Standing, walking, sitting and sleeping – good posture is the key to a comfortable life, says Dr. Darius Soonawalla
Posture is the position in which someone holds their body. Essentially, it is the position of the different body parts in relation to each other. Posture is usually considered while standing, but we should not forget that it is also relevant during other activities such as sitting, working and even lying down.
So why is good posture so important? It is a sign of good body language, conveying confidence, but there is much more to it than that. It allows you to stand, work and function in the most efficient way, minimizing the stresses and strains on the body. Poor posture while standing, sitting, working or even lying down causes fatigue of muscles and injury to the ligaments and joints. This manifests as back, neck and shoulder pain or various other aches and pains. Occasionally it can lead to more serious injuries and over a period of time it may even cause wearing of the joints.
Very few people have perfect posture, but the human body is wonderfully forgiving and one can go through life without ever knowing about it or suffering the consequences. As one age, with wear and tear on the joints and weakening of the muscles and bones, one’s posture tends to get worse. Thus, the consequences of poor posture are seen most commonly in the elderly.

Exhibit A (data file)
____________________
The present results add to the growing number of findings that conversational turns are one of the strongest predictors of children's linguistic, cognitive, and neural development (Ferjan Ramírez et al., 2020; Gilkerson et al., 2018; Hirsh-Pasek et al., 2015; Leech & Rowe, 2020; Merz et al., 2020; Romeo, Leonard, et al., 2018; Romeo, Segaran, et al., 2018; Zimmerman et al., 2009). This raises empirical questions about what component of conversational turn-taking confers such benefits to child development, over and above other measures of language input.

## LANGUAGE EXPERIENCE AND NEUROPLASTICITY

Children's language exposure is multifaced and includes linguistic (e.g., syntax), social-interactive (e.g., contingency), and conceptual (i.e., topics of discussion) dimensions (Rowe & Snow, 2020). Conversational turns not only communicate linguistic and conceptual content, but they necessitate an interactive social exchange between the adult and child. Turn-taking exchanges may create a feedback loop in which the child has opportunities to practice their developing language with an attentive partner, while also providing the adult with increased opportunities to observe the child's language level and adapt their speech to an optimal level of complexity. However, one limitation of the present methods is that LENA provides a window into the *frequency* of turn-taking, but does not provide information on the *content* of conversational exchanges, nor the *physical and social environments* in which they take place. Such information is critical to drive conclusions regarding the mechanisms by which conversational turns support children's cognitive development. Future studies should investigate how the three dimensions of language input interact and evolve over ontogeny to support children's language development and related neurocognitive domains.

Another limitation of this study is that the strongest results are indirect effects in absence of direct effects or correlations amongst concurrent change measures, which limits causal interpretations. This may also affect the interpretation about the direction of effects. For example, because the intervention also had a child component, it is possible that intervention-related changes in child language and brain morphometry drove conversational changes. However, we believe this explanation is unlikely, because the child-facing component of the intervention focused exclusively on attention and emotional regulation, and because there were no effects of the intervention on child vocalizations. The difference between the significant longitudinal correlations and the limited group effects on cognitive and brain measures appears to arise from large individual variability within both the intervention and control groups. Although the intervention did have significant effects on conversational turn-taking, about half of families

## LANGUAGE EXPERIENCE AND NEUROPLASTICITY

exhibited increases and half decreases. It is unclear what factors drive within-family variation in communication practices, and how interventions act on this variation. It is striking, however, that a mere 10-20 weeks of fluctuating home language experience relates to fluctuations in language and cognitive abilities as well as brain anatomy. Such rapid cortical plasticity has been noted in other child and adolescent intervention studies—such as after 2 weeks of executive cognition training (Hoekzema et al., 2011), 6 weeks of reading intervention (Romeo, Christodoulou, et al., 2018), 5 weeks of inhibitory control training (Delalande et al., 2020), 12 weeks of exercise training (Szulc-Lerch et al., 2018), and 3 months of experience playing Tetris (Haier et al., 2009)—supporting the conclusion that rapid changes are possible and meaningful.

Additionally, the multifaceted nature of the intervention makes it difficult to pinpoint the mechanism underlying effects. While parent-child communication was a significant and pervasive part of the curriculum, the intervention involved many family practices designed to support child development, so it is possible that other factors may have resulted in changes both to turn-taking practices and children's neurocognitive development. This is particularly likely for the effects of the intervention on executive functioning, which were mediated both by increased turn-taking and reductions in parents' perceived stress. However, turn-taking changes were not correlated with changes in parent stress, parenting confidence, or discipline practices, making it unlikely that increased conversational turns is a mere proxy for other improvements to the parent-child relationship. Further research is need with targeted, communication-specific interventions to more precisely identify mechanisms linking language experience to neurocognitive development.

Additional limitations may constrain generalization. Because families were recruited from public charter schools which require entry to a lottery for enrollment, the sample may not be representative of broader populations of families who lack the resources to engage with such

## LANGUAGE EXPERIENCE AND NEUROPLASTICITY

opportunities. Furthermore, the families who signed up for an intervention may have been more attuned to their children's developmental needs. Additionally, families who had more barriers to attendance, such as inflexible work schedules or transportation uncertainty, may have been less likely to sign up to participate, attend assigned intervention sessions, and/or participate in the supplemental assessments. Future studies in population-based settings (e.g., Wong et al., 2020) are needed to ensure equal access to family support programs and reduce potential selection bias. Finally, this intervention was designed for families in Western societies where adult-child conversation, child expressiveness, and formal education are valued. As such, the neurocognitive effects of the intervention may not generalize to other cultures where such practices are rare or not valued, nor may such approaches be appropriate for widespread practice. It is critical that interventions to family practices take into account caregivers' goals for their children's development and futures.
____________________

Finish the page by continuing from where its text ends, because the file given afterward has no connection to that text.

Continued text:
What is the posture?
What exactly is good posture? Standing to attention with one’s chest out and shoulders back are in fact poor posture. Try keeping it up, and you are bound to develop aches and pains. The aim of the correct posture is to centralize the head over the pelvis so that gravity passes through the center of the body. The spine which connects the two is shaped like a gentle “S”. In this position minimum muscle force is required to maintain the erect position, leading to the least stress on the muscles, ligaments, and joints. While sitting, one’s lower and middle back should be well supported by the backrest. One’s thighs should be resting on the seat and feet should be resting on the floor. Avoid crossing the legs. Lying down can be on one’s side or back, but avoid sleeping on the stomach. Any twist on the back and neck should be avoided.
Abnormal posture could be due to a mechanical problem such as flat feet, unequal leg lengths or spinal curvatures. More commonly though, it is caused by assuming an incorrect position in one’s growing years or over time.
Correcting postural defects is difficult, and takes time. It involves education about how to stand, sit and sleep correctly. The right furniture – chairs, tables, etc – go a long way in reducing the strain on the body. Exercises remain the mainstay of posture correction. These exercises are aimed at strengthening one’s core and correcting the weak muscles. Improving flexibility also helps. These should be done in conjunction with a physiotherapist or doctor to guide you. Lastly, you should always be aware of what is wrong and constantly keep correcting it, so over time you naturally maintain the correct posture.